What is deemed to be good for the species (by those doing the "weeding out") may not, after all, be what is good for the species. Who shall assign strong and weak characteristics? Who shall decide the acceptable ranges within those characteristics? Whoever is making those decisions is making them subjectively, due to the very nature of the decision.

If you really wanted this to work, you would have to eliminate huge percentages of the population, or restrict them from procreating, and only keep the "cream of the crop." Therefore you would face pretty stiff opposition to a drastic eugenics campaign.

Barring some cataclysmic event, natural selection will see to it that the species is steered in the direction that best suits the living environment. Perhaps future generations of humans will evolve traits that enhance the odds of successful reproduction while living in a highly organized, social urban environment. Maybe our descendents will be highly adept at dodging taxicabs as they cross the street, or have bodies more capable of resisting heart disease caused by modern diets, or maybe they'll have enhanced business sense and charisma to succeed in a modern city and attract a mate, etc. etc.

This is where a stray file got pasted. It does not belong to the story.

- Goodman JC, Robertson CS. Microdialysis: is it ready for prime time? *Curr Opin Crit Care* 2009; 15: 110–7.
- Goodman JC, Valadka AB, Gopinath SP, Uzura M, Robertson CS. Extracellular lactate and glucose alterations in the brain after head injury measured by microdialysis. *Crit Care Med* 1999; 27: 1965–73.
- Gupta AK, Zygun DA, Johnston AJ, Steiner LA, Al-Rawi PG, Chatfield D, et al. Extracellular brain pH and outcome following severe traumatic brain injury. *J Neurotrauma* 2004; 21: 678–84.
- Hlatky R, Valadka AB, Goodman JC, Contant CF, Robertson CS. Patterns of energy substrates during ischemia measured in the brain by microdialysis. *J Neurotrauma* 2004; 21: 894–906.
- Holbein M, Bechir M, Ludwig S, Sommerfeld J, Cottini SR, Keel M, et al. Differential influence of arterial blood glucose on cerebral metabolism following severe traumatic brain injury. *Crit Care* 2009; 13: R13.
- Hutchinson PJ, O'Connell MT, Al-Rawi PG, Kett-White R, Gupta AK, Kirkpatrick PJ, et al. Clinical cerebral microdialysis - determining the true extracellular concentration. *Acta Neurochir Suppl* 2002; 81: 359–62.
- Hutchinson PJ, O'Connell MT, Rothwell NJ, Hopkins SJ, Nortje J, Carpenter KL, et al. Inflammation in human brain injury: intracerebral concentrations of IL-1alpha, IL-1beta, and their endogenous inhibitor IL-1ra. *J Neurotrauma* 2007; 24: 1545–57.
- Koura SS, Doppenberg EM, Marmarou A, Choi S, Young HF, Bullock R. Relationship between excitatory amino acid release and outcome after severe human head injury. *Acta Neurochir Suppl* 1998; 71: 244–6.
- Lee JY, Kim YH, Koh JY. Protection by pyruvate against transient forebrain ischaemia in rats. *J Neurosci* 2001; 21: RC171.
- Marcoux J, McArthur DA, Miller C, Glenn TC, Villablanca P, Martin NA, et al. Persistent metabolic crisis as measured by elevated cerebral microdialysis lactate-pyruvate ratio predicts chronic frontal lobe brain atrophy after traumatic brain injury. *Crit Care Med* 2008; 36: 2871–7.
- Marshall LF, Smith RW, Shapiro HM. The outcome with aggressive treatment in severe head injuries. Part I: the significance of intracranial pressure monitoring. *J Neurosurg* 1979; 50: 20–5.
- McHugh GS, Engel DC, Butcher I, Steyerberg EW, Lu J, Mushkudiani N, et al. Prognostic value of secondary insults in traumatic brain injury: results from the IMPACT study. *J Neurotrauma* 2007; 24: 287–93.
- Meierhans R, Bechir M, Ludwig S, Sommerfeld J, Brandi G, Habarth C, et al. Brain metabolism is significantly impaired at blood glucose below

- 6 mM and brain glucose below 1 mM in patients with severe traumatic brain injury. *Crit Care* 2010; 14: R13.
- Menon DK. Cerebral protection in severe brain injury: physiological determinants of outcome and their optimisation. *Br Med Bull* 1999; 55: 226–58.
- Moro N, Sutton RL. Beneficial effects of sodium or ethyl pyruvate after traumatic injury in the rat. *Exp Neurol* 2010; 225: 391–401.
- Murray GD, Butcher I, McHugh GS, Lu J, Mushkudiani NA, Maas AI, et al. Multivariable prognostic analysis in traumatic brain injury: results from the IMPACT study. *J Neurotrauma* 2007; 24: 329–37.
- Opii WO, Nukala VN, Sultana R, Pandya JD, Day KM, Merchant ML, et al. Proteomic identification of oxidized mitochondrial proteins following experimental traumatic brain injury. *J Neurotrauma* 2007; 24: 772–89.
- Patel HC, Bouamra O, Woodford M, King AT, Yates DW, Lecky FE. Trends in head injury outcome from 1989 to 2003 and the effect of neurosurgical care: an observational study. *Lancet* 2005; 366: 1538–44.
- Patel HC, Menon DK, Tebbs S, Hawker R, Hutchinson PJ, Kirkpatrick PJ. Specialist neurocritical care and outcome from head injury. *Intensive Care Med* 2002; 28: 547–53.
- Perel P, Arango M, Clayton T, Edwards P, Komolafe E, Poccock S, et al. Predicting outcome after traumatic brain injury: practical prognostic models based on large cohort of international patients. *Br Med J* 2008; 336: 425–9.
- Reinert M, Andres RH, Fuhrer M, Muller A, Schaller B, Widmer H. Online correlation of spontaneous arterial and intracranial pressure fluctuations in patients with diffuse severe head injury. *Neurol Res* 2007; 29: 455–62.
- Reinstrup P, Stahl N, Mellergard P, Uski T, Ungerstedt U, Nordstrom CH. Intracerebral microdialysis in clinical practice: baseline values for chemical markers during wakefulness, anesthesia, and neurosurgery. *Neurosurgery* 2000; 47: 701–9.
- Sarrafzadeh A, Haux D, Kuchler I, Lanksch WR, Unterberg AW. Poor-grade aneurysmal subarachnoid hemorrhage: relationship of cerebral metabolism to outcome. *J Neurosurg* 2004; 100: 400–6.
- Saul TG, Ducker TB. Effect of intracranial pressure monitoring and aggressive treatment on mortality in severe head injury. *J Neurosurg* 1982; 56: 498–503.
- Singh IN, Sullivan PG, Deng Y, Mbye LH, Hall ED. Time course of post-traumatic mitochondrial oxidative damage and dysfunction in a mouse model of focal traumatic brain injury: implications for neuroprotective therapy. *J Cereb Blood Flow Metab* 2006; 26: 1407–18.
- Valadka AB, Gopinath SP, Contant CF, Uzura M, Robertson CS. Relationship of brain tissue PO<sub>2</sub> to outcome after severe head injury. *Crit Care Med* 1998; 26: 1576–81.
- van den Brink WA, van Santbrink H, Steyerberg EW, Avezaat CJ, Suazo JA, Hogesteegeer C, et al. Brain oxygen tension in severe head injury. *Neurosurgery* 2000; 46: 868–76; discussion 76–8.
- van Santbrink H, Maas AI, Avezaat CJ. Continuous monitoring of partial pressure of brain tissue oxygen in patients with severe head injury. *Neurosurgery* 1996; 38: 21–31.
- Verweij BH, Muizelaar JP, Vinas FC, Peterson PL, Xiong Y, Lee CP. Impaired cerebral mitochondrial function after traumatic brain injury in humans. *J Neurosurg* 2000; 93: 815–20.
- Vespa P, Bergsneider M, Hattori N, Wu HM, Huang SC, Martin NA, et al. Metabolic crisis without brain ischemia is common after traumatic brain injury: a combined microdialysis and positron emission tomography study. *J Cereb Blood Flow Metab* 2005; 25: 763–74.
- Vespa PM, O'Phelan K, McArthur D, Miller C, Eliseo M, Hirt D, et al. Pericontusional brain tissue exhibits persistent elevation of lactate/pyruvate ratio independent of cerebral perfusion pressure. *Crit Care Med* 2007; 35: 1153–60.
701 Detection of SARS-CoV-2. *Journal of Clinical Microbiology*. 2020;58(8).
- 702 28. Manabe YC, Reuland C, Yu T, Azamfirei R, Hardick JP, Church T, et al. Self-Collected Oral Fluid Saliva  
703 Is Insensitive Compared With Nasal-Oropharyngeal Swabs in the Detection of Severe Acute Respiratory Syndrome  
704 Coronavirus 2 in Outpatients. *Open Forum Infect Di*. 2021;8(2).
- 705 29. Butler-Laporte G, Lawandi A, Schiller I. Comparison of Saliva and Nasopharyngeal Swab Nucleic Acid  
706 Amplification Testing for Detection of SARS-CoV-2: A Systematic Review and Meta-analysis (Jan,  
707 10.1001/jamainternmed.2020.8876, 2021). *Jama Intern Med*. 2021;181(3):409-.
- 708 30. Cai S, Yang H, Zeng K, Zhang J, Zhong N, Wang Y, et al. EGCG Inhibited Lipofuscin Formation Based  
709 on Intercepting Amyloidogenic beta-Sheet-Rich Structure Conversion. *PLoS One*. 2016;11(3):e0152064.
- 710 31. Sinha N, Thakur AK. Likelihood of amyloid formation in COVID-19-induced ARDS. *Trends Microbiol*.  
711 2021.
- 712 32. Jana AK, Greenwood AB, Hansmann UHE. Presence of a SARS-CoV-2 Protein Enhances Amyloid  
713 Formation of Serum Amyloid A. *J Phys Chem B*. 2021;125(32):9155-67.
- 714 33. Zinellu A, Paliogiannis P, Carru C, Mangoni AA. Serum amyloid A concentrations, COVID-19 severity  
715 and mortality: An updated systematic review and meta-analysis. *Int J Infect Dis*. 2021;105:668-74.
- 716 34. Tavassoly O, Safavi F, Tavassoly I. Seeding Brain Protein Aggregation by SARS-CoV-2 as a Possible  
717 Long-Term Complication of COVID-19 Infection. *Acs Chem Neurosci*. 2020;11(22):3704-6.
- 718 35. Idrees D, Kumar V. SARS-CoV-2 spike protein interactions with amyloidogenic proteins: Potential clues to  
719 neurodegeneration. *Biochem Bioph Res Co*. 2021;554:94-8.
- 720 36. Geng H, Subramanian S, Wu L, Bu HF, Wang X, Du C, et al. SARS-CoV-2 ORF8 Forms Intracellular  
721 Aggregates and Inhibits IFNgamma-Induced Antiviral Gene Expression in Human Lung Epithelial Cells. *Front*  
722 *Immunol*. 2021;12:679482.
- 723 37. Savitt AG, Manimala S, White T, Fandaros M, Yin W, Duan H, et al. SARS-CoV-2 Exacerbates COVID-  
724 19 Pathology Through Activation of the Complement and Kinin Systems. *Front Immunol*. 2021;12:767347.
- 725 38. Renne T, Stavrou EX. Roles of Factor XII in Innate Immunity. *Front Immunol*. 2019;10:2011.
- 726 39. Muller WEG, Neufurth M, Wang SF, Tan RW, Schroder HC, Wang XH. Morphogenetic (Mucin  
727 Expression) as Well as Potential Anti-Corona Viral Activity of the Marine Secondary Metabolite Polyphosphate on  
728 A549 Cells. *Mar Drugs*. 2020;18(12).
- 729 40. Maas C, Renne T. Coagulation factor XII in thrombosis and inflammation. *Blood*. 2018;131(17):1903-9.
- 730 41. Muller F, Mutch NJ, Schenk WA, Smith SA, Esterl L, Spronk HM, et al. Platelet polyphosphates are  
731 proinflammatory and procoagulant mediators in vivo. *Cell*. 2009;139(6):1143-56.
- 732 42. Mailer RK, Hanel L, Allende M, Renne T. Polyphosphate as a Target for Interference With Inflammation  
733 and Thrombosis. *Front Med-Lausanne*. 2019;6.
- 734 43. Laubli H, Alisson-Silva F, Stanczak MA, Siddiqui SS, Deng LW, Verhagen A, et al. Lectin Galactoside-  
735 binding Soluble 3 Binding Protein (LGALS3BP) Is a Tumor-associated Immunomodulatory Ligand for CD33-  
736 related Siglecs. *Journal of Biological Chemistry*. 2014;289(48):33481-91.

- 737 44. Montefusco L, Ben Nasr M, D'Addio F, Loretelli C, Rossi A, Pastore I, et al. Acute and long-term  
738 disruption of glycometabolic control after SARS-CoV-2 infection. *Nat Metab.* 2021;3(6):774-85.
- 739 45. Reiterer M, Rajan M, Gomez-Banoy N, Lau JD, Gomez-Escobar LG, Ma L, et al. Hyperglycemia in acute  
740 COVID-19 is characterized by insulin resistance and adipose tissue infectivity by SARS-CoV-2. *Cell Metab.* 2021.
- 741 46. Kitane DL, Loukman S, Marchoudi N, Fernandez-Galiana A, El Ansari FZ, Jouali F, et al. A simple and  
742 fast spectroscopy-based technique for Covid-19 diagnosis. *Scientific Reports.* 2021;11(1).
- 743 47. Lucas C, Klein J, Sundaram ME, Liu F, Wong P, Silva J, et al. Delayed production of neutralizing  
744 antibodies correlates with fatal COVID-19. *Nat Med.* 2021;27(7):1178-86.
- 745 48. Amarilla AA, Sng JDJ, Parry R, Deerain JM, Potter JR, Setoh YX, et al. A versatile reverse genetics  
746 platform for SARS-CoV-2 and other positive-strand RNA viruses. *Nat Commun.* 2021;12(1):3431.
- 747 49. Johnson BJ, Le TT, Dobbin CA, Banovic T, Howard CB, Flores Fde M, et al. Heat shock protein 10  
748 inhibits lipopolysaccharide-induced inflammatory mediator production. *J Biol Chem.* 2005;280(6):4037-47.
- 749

posted by Caper's Ghost at 12:53 PM on August 2, 2007

This is a little off the cuff but, a problem with eugenics is if it where ever to be implemented it would be implemented as a process of some political/social system subject to mainly subjective criteria. How, exactly would any means of criteria be fairly set up and implemented? Ok to allow only straight, pale skinned people, who have an IQ of 120+, no history of mental illness, no history of....? How do you determine if an IQ of an individual is biological, environmental, or cultural? There was recently some reports that the major crime drop in NY has more to do with lead abatement than policing policies, for example.

Essentially any eugenics implementation would be based on human interpretation which would change and likely increase to cover more "undesirable" elements.

Additionally, any system that severely restrains it's diversity of genes is at a much higher risk to catastrophe.
posted by edgeways at 1:03 PM on August 2, 2007